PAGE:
How do you reopen schools and enforce social distancing?
Let’s think about a typical high school day. Students arrive packed like sardines on school buses, change classes in hallways that look like a New York City subway station at rush hour, attend classes of 30 or more in close proximity, and have lunch in cafeterias where they eat shoulder to shoulder.
To achieve social distancing and have every student attend school every day, no more than half of the student body could possibly be allowed on campus at the same time.
Each classroom could seat no more than about 15 students. That means two class sessions where there was one.
There are myriad logistical challenges. For example, we would need the same teacher for both sessions. If Mr. Jones was hired last year to teach math to 150 students in five periods of 30, he would be faced with teaching the same number of students in two different sessions where each class would number 15 students. He would need to teach twice the number of classes each day. That is not going to happen.
Nor are we going to hire twice as many teachers.
So how do you reopen schools and practice social distancing?
The short answer? You don’t.
TOM DI FIGLIO
Duck Hawk Retreat
Test for reopening
Presidents, governors and mayors can close and open institutions, but the true test of when America is back is when Waffle House reopens.
NASCAR has announced drivers will race without fans in the stands but how will we be able to tell the difference?
COVID-19 has given Americans a taste of what it’s like to be stay-at-home retirees, so a lot of folks have decided to keep working.
At Protection and Advocacy for People with Disabilities, we daily talk to people who have multiple disabilities. Others have underlying medical conditions that are caused by, or contribute to, their disability.
Many with such conditions have been isolated in their homes and will remain so until the pandemic is over due to concerns about their health. They now have to decide how they will vote during a pandemic.
Many of our poll workers are seniors and have legitimate misgivings about working on Election Day. The buildings where we vote are not required to open their doors. We will inevitably see some polling places closed, meaning more crowding at precincts that remain open.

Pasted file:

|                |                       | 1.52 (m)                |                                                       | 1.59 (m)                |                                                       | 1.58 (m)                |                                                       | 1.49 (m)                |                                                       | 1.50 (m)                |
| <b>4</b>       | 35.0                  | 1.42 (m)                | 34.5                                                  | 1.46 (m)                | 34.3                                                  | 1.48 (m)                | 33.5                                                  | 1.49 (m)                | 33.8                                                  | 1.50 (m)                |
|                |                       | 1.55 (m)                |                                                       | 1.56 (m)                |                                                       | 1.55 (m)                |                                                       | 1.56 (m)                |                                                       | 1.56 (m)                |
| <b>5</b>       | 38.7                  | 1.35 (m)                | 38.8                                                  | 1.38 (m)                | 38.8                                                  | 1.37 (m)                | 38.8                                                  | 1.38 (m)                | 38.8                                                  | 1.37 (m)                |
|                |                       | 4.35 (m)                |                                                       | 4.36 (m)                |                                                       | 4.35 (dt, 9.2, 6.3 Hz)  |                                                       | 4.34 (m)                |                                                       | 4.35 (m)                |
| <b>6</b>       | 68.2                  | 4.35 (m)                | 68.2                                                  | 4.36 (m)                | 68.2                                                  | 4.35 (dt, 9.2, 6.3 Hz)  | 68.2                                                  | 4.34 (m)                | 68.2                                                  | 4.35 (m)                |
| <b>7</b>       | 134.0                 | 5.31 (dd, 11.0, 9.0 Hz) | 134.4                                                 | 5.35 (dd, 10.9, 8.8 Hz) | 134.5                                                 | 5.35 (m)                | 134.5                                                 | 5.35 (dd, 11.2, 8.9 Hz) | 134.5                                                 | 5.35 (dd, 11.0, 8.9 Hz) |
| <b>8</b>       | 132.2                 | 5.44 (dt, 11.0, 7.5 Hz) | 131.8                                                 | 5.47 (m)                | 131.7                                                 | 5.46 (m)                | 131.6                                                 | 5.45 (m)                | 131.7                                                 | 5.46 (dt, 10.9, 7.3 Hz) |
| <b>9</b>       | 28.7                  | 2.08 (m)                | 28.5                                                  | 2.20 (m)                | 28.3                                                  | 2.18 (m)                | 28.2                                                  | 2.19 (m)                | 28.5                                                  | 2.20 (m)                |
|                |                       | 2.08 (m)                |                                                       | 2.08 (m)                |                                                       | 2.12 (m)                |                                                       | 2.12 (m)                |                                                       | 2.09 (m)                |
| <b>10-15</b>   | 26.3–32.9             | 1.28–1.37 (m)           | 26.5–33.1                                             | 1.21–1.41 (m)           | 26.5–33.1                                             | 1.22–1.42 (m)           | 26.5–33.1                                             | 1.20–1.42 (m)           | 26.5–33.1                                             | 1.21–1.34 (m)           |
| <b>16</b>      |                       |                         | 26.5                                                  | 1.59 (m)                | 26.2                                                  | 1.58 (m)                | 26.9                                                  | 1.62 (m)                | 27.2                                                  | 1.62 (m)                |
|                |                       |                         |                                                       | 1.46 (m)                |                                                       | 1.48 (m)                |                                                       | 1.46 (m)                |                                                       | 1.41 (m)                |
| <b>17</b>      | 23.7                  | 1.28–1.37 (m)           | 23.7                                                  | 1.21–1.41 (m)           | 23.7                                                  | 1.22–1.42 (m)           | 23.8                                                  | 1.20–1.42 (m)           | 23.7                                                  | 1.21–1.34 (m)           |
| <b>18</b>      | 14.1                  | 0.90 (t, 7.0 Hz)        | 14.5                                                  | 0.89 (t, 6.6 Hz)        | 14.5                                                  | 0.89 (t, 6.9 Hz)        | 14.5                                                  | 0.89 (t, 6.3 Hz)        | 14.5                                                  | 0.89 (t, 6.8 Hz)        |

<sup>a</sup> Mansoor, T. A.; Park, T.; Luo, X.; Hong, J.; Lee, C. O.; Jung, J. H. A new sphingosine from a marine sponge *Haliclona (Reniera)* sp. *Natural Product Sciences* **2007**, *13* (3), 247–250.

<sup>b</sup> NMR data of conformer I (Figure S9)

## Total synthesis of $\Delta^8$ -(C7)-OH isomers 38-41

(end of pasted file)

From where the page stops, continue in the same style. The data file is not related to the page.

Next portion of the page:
Gov. Henry McMaster said in April that he sees no reason to delay elections or make any changes to the current system.
Modest changes such as loosening restrictions on who can vote absentee and eliminating the witness requirement would allow more people to vote from the safety of their homes.
The state’s inaction in making needed changes in our election processes during this state of emergency endangers the health of all South Carolinians, especially those with disabilities.
We must support changes in our election procedures that will make social distancing more feasible and allow all South Carolinians the opportunity to vote from their homes. It is the best way to keep everyone, especially people with disabilities, safe at the polls.
Drug courts work
Being a March 2019 graduate of Drug Court, I know that it’s so much more than just a “get out of jail” card. It’s an opportunity to start living life again.
I’ve watched amazing things happen to those who have embraced the program. I’ve also stood helpless watching others who used the program to avoid a criminal charge and return to the same places that landed them in trouble in the first place.
Drug courts do work. Staying sober during the program isn’t the problem: It’s life after the program is completed. That’s where real-life problems have a tendency to overwhelm graduates.
The truth of addiction is prison or death. I know my addictions’ endgame, and I live with it each day: 892 days so far, 892 days of freedom to enjoy my life in a way in which drugs or alcohol cannot compete.
I will be celebrating my third year sober on Nov. 10, my first year as a federal employee at the Ralph H. Johnson VA Medical Center on May 27 and achieving my Level II certification in sterile processing. I am also part of a coronavirus taskforce trained to sterilize the N95 respirator masks.
I believe each step forward is a step away from my addiction.
I am responding to the April 29 commentary by Morris Ellison, “Smart City technologies can help us all recover from COVID-19.”
5G is ultra-high frequency radiation. In my research, I found a letter written on Jan. 29, 2019, and signed by 26,000 scientists and doctors, voicing their strong opposition of 5G to the World Health Organization and the U.N.
They said 5G would expose humans to a “massive increase of mandatory exposure to wireless radiation.”
No one would be able to escape being bombarded by radiation from 5G. That, together with the increased potential for surveillance, makes me want to reject the idea.
On Feb. 7, 2019, at a Senate commerce hearing, Sen. Richard Blumenthal of Connecticut asked 5G industry representatives about the scientific evidence of 5G’s safety and their response was, “There are no industry-backed studies to my knowledge right now.”
Sen. Blumenthal replied, “So, we are flying blind here on health and safety.”
How can we allow an out-of-state wireless infrastructure company, namely Crown Castle of Texas, to come into our city and erect hundreds of 5G cells in our neighborhoods without any kind of rigorous testing?
Former FCC Chairman Tom Wheeler suggested the money to be made by corporations was far more important than testing for safety. When asked about safety testing, his response was, “Talk to the medical people.”